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Large data breaches bring litigation and potential D&O liability exposures

Shareholder litigation, derivative lawsuits often follow reports of data leaks


When it comes to liability risks for directors and officers, few present more uncertainty than cyber risk.

One certainty is that large data breaches will attract lawsuits against the compromised company, as shown by the recent travails of Target Corp.

Since Target acknowledged on Dec. 19 that up to 40 million credit and/or debit cards may have been compromised in a data breach, an estimated 40 lawsuits have been filed against the discount retailer thus far.

William Um, Los Angeles-based policyholder counsel at Hunton & Williams L.L.P., said the speed with which lawsuits were filed against Target is noteworthy. “The public notification of the breach came out in the morning, and a class action lawsuit was filed in Northern California the same day,” he said.

Mr. Um said that while many companies now carry dedicated cyber attack coverage, data breaches still affect directors and officers policies.

“Some of the first lawsuits that were brought against Target have brought allegations of general wrongful acts and negligence, which can impact entity coverage under D&O policies,” he said.

While class action suits filed by aggrieved customers may represent the greatest threat in terms of severity, companies with data breaches now are increasingly subject to shareholder derivative lawsuits, said Ann Longmore, New York-based executive vice president of FINEX North America, a unit of Willis Group Holdings P.L.C.


Unlike previous class action lawsuits focused on the falling share prices of companies affected by the data breach, derivative lawsuits are filed in state courts, Ms. Longmore said. The laws regarding derivative suits make an insurer more likely to pay court awards or settlements under the Side A portion of the D&O policy than with a class action suit, she said.

“It's interesting that not all the cyber risk D&O cases are now being brought as stock-drop cases,” she said. “Now, a number are being filed as derivative actions. This changes the game significantly.”

Moreover, the ongoing guidance from the U.S. Securities and Exchange Commission encouraging public companies to disclose all data breaches will likely add to the lawsuit trend, Ms. Longmore said.

“In this new environment with the SEC's focus on cyber breach disclosures, it's a very different world,” she said.

Indeed, a class action lawsuit filed in Utah by five Target customers alleges negligence on the part of Target.

“If not for Target's negligent and wrongful breach of its duties owed to plaintiffs and class members, their personal information would not have been compromised,” according to the lawsuit.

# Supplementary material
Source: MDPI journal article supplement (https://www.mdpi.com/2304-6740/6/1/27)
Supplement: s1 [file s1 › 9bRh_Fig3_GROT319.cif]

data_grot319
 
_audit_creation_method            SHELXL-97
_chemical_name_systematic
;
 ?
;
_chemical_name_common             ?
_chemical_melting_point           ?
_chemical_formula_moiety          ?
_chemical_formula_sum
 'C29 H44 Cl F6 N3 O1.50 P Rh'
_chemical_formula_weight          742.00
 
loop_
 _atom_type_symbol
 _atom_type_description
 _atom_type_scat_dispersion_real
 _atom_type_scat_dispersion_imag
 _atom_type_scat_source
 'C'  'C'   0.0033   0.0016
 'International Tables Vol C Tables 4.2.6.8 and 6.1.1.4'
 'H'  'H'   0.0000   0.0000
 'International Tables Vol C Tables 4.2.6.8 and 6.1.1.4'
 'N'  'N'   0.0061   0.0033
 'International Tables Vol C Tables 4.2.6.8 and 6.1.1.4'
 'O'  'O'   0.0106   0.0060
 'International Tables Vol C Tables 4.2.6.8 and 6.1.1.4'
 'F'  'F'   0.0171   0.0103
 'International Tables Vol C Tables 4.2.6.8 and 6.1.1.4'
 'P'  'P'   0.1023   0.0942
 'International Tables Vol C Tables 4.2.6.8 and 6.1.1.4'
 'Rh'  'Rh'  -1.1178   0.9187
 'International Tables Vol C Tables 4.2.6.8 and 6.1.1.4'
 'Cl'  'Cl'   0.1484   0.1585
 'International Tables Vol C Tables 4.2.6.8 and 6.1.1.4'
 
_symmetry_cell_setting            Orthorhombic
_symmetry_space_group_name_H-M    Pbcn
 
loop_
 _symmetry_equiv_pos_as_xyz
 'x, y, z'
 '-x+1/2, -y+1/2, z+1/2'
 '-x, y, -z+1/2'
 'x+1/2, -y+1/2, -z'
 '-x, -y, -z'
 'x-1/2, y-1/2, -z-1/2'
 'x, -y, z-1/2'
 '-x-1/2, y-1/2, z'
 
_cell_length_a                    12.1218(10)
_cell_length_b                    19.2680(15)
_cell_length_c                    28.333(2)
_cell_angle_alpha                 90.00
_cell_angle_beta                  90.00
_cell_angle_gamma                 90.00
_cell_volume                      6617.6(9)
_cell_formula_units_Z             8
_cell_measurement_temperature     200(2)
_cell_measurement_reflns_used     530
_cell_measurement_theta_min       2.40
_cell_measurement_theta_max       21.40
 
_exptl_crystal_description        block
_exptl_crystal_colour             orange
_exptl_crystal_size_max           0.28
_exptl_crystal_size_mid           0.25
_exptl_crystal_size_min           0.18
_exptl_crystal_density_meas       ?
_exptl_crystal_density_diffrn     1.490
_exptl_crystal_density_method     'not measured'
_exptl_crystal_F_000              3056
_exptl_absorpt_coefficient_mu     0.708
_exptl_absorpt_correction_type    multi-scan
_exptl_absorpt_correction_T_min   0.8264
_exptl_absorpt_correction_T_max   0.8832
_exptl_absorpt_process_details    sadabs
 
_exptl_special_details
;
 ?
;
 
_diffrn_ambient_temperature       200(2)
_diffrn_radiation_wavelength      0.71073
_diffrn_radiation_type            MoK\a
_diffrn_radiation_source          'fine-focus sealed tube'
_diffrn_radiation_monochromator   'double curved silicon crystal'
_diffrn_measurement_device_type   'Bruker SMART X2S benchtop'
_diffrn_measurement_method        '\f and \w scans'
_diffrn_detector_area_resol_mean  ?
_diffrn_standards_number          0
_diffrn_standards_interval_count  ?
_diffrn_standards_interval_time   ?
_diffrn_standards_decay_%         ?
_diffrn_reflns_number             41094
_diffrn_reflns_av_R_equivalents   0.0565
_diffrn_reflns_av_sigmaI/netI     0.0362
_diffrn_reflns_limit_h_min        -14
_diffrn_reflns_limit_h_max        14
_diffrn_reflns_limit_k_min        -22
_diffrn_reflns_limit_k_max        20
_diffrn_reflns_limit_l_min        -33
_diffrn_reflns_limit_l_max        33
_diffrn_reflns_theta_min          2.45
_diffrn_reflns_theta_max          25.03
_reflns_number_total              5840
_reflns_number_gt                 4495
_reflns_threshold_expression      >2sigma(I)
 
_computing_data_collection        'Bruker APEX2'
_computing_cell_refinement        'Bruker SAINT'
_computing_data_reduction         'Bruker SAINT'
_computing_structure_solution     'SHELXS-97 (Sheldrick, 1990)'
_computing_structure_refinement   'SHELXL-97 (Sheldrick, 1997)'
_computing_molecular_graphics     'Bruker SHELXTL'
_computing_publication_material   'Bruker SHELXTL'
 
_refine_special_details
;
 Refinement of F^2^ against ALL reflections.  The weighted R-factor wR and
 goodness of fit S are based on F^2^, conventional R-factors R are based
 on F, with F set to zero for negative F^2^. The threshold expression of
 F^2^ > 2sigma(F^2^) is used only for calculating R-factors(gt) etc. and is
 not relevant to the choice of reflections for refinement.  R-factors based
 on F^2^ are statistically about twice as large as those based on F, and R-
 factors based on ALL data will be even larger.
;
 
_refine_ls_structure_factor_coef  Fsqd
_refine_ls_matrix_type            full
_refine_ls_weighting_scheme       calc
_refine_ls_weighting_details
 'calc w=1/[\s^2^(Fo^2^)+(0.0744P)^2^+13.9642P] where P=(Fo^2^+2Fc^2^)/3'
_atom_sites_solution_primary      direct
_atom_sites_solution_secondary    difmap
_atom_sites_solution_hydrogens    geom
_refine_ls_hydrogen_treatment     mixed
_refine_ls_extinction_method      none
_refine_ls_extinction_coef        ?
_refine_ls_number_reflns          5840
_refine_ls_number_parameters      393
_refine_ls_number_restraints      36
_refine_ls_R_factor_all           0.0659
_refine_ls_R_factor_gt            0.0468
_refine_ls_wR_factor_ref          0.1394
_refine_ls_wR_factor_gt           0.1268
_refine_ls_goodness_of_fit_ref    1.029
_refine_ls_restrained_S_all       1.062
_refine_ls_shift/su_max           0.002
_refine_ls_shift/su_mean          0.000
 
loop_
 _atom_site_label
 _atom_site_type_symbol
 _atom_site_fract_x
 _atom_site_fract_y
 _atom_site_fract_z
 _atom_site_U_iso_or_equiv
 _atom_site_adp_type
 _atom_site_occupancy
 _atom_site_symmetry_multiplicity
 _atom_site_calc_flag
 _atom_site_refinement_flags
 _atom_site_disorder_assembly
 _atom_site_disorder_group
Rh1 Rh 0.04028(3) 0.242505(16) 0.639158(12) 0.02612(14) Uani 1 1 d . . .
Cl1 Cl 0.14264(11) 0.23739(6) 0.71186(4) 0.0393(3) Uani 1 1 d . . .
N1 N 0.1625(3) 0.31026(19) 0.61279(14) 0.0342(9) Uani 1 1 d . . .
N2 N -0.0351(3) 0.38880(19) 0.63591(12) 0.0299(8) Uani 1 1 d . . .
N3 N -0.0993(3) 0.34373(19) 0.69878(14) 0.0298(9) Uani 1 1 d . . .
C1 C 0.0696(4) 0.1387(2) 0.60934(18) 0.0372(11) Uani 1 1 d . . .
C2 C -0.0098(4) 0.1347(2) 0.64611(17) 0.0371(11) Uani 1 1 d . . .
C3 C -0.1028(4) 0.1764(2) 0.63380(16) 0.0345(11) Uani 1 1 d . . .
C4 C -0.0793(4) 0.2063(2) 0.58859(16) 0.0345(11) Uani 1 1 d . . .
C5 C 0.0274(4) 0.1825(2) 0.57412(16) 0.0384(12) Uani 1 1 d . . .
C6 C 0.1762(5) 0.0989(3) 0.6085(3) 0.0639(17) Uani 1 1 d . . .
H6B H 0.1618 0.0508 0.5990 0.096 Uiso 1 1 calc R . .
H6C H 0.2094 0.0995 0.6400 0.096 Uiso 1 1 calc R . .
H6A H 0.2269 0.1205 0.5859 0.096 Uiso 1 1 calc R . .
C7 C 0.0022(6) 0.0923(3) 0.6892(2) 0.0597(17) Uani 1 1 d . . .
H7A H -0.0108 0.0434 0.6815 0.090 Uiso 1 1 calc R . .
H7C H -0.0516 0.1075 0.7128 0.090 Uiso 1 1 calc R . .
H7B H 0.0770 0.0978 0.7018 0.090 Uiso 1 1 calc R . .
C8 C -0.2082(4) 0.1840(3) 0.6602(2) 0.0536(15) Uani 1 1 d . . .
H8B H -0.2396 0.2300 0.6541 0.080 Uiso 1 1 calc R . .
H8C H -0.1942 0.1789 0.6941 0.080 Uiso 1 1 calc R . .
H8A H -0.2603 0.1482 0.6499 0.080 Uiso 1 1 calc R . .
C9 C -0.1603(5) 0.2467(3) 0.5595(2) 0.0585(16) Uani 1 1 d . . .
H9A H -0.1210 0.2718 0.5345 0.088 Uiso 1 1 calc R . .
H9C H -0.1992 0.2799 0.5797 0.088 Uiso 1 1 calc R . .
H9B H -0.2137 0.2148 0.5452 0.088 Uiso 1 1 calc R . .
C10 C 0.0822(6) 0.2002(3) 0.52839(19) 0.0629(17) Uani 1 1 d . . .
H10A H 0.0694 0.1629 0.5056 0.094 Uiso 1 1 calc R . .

Allegations in the suit include: plaintiffs having their personal information compromised; incurring time and expenses in cancelling their debit and/credit cards; activating new cards and re-establishing automatic payment authorizations from their new cards; and other economic and noneconomic damages, including irrecoverable losses due to unauthorized charges on their credit/debit cards.

Nonetheless, the success of such lawsuits is far from certain, Mr. Um said, adding that one problem for plaintiffs in class action lawsuits against companies that have suffered data breaches is proving the breach has led to compensable damages.

“With the mass class action suits, you will find greater clarity sooner, because one of the great hurdles is that the plaintiffs have had trouble alleging compensable damages,” Mr. Um said. “While the customer data may now be in the hands of people who have it, the question remains what has happened as a result of it. Trying to articulate compensable harm has been a struggle for the plaintiff lawyers.”

Yet this advantage for companies defending themselves against cyber breach lawsuits may not persist, he said. “As plaintiffs get more shots at the apple, they are getting better at trying to allege compensable harm,” he said.

As the legal and regulatory environment surrounding cyber attacks is changing, the nature of the threat continues to evolve.


Jerry Irvine, Chicago-based chief information officer at IT advisory firm Prescient Solutions, said even the most conscientious of firms will become increasingly vulnerable to data breaches as hackers continue to refine their attacks.

One reason that security professional and risk managers are disadvantaged relative to hackers is that affected companies are reluctant to share information about emerging breaches because of competitive and liability concerns, Mr. Irvine said.

“The potential for these vulnerabilities is so great because hackers can work together and share information to figure out what works,” he said. “Because so many organizations keep information about data breaches to themselves, IT professionals don't always have that luxury.

Scott Schleicher, Washington-based underwriting manger for cyber risk at XL Insurance said that while D&O policies may help in the long run against lawsuits, many of the immediate, ancillary costs of cyber breaches are best handled by dedicated cyber risk policies. 

“This is what cyber insurance does,'' Mr. Schleicher said. “It allows the company to not worry about the management of the claim. Cyber policies give insureds a path to run on when managing a data breach crisis.''

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